We believe that the systems adjustment board may have jurisdiction over this contract interpretation dispute. Although we do not decide that question here, ALPA argues that Transamerica has demonstrated a sufficient interest in this dispute to make it cognizable by the systems adjustment board as a dispute between Transamerica and ALPA. The pilots are asserting contractual rights that Transamerica allegedly negotiated on behalf of the pilots who had not honored their union's sympathy strike. Although Transamerica has not been named as a party to this suit, it has manifested its keen interest in enforcing the "no-reprisal" agreement. It suggested and paid for an attorney for the pilots to bring this action, and furnished the principal testimony concerning both the negotiation of the "no reprisal" clause and Transamerica's understanding that the clause was to protect the pilots from internal union discipline.

Furthermore, if Transamerica had not encouraged and paid for the pilots lawsuit, they could have sought the intra-union remedies available under the LMRDA. We do not propose by expansive notions of jurisdiction to grant appellees here a way to circumvent the clear intent of Congress to prohibit management-financed LMRDA lawsuits.


In Conley, black railway employees sued their union after the union agreed to their employer's plan to "abolish" 45 jobs held by blacks. The railroad then hired white workers to fill the same number of "new" jobs except for a few instances where blacks were rehired to fill their old jobs but with loss of seniority. Conley, supra, 355 U.S. at 43, 78 S.Ct. at 100. In Brady, the Third Circuit held that the district court had subject matter jurisdiction over an employee's allegation that his rights under Section 2 (Eleventh) of the RLA, 45 U.S.C. Sec. 152 (Eleventh), had been violated. Brady, supra, 401 F.2d at 95-96

In Ransdell v. Int'l Assn. of Machinists & Aerospace Workers, 443 F.Supp. 936 (E.D.Wisc.1978), discussed in note 7 infra, the explicit nature of the "no-reprisal" clause made the union discipline a violation of the duty of fair representation under the RLA, not Sec. 301 of the LMRA.


The Supreme Court has held that unfair representation claims "[are] not within the jurisdiction of the National Adjustment Board or subject to the ordinary rule that administrative remedies should be exhausted before resort to the courts." Czosek v. O'Mara, 397 U.S. 25, 27-28, 90 S.Ct. 770, 772-73, 25 L.Ed.2d 21, (1970); Glover v. St. Louis-San Francisco Ry. Co., 393 U.S. 324, 328-29, 89 S.Ct. 548, 550-51, 21 L.Ed.2d 519, (1969); Conley v. Gibson, supra, 355 U.S. at 44-46, 78 S.Ct. at 101-02 (1957). "The claim against the union defendants for breach of their duty of fair representation is a discrete claim quite apart from the right of individual employees ... to pursue their employer before the Adjustment Board." Czosek v. O'Mara, supra, 397 U.S. at 27-28, 90 S.Ct. at 772-73 (footnote omitted)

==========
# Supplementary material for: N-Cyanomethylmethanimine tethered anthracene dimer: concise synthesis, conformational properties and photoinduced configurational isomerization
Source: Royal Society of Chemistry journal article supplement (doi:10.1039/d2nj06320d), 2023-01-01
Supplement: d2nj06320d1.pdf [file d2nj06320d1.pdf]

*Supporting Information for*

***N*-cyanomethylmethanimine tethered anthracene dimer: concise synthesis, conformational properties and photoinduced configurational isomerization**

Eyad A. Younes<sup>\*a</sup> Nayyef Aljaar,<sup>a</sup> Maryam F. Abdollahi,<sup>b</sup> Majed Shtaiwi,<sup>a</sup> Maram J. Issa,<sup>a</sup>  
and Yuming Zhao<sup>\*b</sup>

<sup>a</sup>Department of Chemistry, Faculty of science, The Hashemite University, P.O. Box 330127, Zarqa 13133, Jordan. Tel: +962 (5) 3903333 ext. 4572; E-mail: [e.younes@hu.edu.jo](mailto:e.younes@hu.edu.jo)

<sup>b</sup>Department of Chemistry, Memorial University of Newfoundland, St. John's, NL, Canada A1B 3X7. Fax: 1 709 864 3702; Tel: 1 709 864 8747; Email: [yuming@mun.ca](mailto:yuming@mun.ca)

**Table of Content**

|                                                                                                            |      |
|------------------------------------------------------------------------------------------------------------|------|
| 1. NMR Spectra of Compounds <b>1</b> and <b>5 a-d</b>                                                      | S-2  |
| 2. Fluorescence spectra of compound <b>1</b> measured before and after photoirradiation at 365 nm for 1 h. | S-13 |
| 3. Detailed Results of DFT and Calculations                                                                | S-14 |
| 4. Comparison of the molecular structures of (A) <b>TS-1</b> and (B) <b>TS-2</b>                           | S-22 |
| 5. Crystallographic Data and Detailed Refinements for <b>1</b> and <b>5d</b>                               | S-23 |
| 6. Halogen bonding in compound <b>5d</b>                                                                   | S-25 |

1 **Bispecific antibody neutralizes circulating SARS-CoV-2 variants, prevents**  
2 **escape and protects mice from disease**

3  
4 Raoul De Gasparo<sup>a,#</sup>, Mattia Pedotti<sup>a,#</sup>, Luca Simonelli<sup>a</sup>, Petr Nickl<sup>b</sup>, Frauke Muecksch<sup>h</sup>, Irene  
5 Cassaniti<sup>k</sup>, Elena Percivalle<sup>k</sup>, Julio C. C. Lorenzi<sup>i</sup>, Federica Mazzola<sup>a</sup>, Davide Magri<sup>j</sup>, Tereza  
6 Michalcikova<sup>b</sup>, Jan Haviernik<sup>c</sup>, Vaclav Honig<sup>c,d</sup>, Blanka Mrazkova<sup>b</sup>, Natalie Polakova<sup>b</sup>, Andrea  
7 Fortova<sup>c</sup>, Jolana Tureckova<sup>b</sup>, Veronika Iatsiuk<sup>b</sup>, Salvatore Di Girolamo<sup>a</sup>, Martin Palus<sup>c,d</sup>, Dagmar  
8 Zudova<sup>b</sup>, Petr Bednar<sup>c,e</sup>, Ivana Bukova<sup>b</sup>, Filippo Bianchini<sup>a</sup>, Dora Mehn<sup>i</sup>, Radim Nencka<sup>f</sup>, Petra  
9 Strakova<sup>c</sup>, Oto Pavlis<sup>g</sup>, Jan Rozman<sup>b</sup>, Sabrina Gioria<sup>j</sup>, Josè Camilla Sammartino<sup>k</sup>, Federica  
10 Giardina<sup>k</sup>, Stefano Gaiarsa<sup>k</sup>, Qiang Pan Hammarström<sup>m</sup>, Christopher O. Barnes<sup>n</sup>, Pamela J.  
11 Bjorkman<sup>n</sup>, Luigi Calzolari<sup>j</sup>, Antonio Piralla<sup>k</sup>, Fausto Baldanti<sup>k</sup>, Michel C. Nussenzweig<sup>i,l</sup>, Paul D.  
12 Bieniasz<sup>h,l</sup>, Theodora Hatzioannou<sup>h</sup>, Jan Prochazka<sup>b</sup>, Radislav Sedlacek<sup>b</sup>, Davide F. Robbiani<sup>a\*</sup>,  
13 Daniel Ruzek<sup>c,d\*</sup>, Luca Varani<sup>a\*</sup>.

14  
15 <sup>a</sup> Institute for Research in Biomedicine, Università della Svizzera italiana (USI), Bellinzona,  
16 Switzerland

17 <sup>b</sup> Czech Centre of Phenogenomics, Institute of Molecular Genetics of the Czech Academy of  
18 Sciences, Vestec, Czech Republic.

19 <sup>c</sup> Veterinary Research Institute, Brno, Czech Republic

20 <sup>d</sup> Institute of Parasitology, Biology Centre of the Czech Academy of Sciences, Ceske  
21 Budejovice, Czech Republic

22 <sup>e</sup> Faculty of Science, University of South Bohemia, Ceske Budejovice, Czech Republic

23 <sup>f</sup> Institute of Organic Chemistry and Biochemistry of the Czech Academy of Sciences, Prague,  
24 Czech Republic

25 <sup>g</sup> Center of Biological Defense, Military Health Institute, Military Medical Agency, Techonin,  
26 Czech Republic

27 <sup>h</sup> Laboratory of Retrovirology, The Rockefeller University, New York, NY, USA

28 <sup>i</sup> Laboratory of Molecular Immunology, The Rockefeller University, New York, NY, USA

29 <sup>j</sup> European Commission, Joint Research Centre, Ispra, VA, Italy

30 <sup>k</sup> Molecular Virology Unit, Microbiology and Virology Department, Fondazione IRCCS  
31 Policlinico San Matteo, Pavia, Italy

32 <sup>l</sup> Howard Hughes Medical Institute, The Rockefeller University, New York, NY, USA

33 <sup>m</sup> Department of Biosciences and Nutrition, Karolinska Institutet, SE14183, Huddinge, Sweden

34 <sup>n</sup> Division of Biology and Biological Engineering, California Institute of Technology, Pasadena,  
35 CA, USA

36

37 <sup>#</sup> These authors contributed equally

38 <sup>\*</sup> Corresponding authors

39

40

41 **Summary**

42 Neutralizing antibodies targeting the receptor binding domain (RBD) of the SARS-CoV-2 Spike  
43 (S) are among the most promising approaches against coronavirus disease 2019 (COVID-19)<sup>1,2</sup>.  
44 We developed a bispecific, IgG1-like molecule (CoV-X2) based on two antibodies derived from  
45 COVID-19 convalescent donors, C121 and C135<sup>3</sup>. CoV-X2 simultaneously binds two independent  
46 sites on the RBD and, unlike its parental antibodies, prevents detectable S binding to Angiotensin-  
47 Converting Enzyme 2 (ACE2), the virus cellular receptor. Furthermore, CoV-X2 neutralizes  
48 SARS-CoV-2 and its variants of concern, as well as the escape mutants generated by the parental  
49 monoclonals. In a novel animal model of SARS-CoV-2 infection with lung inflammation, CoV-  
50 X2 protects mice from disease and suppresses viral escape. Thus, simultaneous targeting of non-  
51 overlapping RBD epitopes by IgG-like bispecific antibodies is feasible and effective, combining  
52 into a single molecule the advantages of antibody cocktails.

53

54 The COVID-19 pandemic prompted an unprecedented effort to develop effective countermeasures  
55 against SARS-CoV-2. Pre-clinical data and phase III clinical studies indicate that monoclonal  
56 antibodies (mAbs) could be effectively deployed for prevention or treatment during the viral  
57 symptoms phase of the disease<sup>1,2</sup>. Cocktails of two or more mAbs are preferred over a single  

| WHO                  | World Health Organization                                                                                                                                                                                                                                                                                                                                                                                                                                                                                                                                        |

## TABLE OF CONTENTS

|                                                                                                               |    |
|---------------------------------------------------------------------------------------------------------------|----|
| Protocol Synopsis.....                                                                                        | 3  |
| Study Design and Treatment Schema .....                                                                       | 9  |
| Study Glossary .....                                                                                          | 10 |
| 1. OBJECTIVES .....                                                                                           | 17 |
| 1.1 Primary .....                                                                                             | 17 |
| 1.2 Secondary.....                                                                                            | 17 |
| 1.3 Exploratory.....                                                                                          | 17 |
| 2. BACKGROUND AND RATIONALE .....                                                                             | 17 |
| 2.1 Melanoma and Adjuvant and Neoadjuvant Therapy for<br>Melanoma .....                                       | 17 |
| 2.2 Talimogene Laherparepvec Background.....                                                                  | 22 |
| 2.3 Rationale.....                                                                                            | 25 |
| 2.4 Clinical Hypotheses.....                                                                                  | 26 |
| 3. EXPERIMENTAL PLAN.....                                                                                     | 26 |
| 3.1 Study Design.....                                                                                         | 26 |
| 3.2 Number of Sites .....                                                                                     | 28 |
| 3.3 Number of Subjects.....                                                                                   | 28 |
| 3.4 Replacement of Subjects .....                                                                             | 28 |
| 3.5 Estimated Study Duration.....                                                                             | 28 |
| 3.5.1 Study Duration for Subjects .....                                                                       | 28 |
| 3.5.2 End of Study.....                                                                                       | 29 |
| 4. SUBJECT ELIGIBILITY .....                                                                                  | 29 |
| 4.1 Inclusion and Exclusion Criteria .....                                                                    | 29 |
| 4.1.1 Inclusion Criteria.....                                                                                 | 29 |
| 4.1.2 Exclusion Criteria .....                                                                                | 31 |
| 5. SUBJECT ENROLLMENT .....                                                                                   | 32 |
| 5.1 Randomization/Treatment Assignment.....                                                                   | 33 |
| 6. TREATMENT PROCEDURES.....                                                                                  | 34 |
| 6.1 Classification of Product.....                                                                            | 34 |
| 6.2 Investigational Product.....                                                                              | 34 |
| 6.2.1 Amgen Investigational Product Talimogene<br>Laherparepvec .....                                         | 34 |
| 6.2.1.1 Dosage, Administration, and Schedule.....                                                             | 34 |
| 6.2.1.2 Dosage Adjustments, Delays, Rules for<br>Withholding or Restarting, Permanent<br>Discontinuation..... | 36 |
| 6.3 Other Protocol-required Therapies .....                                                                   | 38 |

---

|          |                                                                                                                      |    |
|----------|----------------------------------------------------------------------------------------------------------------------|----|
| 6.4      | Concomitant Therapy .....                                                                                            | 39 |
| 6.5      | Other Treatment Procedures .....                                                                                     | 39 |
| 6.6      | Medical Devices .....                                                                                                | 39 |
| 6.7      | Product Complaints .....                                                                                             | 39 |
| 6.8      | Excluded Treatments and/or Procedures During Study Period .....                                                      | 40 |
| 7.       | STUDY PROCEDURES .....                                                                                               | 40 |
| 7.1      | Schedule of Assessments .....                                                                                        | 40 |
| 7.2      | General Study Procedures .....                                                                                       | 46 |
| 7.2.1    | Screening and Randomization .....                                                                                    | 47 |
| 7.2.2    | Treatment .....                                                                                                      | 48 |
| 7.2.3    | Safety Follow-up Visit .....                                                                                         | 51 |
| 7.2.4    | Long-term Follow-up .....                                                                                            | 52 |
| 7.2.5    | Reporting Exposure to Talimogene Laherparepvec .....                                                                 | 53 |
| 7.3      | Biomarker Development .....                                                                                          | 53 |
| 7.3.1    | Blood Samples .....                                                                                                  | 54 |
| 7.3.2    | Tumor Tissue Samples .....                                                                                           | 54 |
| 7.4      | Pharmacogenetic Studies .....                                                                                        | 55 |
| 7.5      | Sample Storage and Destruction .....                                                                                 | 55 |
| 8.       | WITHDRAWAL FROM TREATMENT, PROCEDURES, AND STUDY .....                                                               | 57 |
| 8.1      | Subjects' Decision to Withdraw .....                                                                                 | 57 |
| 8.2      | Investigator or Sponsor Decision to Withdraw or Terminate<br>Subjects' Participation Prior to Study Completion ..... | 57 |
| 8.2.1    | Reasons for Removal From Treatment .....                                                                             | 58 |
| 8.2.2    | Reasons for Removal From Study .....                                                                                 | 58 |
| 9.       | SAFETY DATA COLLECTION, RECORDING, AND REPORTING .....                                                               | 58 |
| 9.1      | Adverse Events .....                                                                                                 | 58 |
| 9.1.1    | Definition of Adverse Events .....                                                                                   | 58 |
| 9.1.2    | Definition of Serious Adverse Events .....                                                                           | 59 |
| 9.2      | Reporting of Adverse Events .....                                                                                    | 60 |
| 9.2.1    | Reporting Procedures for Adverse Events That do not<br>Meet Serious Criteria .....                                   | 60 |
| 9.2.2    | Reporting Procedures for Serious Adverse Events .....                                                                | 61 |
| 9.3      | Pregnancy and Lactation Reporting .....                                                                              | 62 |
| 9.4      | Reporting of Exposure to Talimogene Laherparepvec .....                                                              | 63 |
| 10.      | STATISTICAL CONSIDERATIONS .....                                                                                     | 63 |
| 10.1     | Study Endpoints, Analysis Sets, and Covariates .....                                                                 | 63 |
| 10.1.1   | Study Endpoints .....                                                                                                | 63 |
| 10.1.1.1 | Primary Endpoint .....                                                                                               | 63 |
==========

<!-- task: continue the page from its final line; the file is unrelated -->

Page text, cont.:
See footnote 3


LMRA Sec. 301(a) (codified at 29 U.S.C. Sec. 185(a) provides in pertinent part:

Suits for violation of contracts between an employer and a labor organization representing employees in an industry affecting commerce as defined in this Act, or between any such labor organizations, may be brought in any district court of the United States having jurisdiction of the parties, without respect to the amount in controversy or without regard to the citizenship of the parties.

Several courts have stated that a "no reprisal" clause in a back-to-work agreement is a "contract" cognizable under Sec. 301 of the LMRA. Adamszewski v. Local Lodge 1487, Int'l Ass'n of Machinists & Aerospace Workers, 496 F.2d 777, 786 (7th Cir.), cert. denied, 419 U.S. 997, 95 S.Ct. 311, 42 L.Ed.2d 271 (1974) (dictum); Ransdell v. International Association of Machinists & Aerospace Workers, 443 F.Supp. 936, 939 (E.D.Wisc.1978) (holding); see also Retail Clerks Int'l Ass'n v. Lion Dry Goods Inc., 369 U.S. 17, 25-30, 82 S.Ct. 541, 546-49, 7 L.Ed.2d 503 (1962). In Ransdell, the district court held the union liable to employees for breach of contract for failing to abide by a no-reprisal clause that expressly prohibited the union from any discipline of its members who had worked during the strike. The court found jurisdiction over the action in Sec. 301 of the LMRA, citing Buzzard v. Local Lodge 1040, 480 F.2d 35, 40 (9th Cir.1973). The court determined that the union members have standing to bring an action against the union for refusing to honor the union promises contained in the no-reprisal agreements. For reasons outlined below, we believe the Ransdell court misinterpreted Buzzard and erred in applying Sec. 301 to employees subject to the RLA.


NLRA Sec. 2 (codified at 29 U.S.C. Sec. 152) provides in pertinent part:

When used in this subchapter--

* * *

(2) The term "employer" ... shall not include ... any person subject to the Railway Labor Act....

(3) The term "employee" ... shall not include ... any individual employed by an employer subject to the Railway Labor Act...

* * *

(5) The term "labor organization" means any organization ... in which employees participate and which exists for the purpose ... of dealing with employers ....

(Emphasis added)

Because, ALPA does not have "employees" as members and does not deal with an "employer" for purposes of the LMRA, it is not a "labor organization" under that Act.


Because we hold that the district court had no subject matter jurisdiction to grant relief based upon the union's good faith misinterpretation of the contract, we do not decide whether the district court interpreted the contract properly